In Scriptures, we encounter the spirit as a creative force in Creation (Genesis 1); as a vitalizing force in the Valley of Dry Bones (Ezekiel 37); and a revitalizing power in Pentecost (Acts 2). Moreover the Holy Spirit is personified as the third Person in the Triune God: Father, Son and the Holy Spirit. God, the Creator; Son, the Redeemer; and Spirit, the Giver and Sustainer of life. In the context of the Christian faith, the spiritual person is one whose spirit is in tune with the Holy Spirit.

What is Asia?

Asia is different things to different people. For geographers, it is the vast land mass from the Middle East to Northeast Russia; for historians, it is the cradle of faiths and civilizations; for economists it is a mélange of developed and developing countries; for political scientists, it is an emerging new superpower; and for many Europeans, Asia is a way of life, different from the West.

Asian spirituality is deeply rooted in the theology of suffering and hope of Asians in history-nature. The Philippines “theology of struggle” was born in the context of Spanish and American colonialism; the Japanese “pain of God theology” was from their experience of being the first and hopefully, the only victims of atomic bombs; the “Dalit theology” was born out of the struggle of the Dalits, the oppressed and marginalized people who are outside the caste system of India; and the Minjung theology, is the continuing struggle of the underclass from Korea’s rapid modernization.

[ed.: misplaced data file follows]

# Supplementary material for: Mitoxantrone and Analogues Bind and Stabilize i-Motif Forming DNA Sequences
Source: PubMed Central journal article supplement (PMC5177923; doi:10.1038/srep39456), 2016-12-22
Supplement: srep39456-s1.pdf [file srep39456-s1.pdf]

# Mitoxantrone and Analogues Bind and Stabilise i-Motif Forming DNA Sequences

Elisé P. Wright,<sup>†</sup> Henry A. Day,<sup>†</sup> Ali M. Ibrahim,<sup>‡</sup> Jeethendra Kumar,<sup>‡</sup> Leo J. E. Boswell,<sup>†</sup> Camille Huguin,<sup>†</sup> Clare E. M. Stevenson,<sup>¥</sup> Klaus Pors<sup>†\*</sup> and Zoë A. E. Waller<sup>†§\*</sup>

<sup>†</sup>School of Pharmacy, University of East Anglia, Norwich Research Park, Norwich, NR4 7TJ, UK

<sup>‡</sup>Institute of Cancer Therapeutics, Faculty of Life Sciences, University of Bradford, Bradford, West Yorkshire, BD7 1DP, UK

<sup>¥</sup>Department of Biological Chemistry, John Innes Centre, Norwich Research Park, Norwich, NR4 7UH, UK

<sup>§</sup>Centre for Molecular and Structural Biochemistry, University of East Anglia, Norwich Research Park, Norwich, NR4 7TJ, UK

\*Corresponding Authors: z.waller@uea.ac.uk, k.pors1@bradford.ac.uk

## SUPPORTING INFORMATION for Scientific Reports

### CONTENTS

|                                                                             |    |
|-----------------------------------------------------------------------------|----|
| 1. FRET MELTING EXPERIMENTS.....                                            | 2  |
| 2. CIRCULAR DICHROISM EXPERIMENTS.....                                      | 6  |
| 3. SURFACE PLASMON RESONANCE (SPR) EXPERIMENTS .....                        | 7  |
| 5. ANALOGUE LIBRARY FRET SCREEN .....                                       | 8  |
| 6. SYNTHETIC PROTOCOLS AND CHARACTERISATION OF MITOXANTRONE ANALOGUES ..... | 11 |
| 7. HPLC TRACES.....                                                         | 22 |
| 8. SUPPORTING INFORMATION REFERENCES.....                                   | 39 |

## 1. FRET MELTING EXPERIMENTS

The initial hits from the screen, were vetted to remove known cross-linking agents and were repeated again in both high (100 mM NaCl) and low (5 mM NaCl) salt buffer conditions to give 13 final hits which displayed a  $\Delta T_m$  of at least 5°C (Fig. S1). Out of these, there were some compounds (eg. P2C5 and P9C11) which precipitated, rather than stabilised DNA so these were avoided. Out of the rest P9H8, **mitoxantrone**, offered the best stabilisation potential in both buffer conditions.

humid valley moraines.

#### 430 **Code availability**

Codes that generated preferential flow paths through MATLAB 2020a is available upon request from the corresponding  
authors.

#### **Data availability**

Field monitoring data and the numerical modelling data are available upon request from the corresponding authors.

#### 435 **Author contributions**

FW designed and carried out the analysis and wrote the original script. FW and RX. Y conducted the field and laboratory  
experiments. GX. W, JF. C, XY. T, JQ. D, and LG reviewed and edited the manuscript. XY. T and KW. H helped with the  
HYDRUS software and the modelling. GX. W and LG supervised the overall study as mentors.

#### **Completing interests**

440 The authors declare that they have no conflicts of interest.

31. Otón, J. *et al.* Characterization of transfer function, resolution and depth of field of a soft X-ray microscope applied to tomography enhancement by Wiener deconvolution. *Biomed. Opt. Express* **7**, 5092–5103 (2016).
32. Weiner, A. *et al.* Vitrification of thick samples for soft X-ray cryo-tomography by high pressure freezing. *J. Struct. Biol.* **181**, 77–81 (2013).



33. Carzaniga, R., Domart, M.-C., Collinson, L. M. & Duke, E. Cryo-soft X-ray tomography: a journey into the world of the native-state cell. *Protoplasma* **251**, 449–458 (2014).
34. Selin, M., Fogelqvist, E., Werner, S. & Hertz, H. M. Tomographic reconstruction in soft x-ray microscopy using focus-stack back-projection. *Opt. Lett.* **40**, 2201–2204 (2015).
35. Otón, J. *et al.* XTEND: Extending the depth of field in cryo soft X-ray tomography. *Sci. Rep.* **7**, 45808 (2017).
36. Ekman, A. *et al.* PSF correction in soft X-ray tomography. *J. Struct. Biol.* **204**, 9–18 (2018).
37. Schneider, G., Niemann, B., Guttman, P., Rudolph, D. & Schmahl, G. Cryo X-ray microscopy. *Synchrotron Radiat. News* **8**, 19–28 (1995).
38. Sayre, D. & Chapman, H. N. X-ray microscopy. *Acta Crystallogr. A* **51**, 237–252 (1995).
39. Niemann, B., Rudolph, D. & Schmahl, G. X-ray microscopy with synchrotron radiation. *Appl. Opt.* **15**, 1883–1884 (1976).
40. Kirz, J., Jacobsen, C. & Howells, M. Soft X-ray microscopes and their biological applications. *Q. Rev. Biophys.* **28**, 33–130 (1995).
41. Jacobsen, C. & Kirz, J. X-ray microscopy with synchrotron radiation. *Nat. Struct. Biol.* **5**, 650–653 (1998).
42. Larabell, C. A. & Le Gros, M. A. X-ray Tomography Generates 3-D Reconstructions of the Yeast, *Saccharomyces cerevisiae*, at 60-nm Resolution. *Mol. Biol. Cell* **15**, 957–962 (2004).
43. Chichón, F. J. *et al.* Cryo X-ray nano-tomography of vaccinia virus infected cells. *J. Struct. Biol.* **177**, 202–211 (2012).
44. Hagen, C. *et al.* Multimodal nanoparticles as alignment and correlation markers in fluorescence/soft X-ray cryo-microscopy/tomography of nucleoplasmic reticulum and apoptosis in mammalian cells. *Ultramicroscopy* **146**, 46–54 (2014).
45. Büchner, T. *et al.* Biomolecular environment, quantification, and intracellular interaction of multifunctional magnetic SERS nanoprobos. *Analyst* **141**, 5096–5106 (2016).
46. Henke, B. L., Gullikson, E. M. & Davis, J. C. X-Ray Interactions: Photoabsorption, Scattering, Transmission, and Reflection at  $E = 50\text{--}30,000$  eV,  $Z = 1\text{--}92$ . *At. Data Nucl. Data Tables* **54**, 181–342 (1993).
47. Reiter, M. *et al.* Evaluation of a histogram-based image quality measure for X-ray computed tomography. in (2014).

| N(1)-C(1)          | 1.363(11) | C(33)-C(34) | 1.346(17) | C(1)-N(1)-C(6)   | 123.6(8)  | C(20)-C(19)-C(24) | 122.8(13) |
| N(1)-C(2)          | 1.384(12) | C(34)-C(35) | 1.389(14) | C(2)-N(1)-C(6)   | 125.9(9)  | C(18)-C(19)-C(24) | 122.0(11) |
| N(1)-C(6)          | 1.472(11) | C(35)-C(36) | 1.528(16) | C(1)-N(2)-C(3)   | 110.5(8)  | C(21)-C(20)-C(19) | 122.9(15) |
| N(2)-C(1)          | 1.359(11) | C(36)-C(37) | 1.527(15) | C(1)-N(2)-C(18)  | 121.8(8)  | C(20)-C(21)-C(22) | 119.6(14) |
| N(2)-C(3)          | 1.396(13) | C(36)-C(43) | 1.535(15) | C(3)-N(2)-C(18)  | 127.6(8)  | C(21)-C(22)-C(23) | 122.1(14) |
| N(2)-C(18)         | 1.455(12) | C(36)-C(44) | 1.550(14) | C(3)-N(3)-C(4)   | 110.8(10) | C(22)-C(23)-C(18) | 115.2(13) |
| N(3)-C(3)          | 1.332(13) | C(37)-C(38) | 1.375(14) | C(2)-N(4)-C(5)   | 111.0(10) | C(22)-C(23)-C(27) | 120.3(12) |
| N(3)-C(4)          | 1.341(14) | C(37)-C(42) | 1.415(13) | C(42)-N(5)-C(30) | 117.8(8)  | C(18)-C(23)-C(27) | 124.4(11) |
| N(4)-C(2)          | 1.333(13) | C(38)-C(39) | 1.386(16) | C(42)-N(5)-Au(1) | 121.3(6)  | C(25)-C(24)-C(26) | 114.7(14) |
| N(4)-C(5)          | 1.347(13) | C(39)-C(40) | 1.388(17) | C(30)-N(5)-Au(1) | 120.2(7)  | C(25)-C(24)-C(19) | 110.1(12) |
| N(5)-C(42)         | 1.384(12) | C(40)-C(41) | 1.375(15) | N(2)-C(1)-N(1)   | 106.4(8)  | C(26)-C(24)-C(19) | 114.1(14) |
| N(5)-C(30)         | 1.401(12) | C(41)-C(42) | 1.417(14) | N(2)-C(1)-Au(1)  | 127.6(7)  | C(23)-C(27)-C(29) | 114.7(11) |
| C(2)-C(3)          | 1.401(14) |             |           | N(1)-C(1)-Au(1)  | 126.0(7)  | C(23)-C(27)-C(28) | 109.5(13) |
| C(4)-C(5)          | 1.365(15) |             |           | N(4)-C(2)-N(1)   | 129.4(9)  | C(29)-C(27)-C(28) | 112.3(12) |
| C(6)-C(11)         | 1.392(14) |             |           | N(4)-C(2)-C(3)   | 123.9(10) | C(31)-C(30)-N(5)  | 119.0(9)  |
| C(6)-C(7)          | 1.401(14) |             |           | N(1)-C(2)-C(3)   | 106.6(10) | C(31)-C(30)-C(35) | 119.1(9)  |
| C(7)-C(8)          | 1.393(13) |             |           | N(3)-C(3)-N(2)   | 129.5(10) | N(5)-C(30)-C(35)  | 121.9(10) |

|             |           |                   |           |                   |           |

I believe, however, that by virtue of their being the most populous nations in the world,  Asia is virtually represented by China and India. Asian spirituality is therefore, a blend of the practical philosophy of China and the wisdom mysticism of India. It is between India’s Mahatma Gandhi seeing “God in the loaf of bread” and China’s Prime Minister Deng Shao Peng saying, “It does not matter black cat or white cat, so long as it catches mice.”

In some strange way, I imagine Asian spirituality in similar to basic Anglican theology of via media. As former Archbishop Robert Runcie once said, Anglican theology is “passionate coolness.”

Christian Stewardship and Asian Cultures

If culture is defined as the sum total of what we are and do, then for me, stewardship is a culture. It is “whatever is good, whatever is lovely, whatever is worthy of praise” in our faith. Stewardship is how we understand and use the gifts that God has given us--- the time, talents and treasures entrusted to us.

Christian stewardship is the way in which Christian live, love, learn and grow. Christian stewardship shapes the values we share; directs the message we impart; and determines the impact we have in the world. How do we learn stewardship from the Asian culture? How do we intersect the biblical stewardship with that which we learn from Asia?


Asia has myriad and diverse cultures but within these cultures, there is a belief that all we are and do are influenced by five elements of life, namely: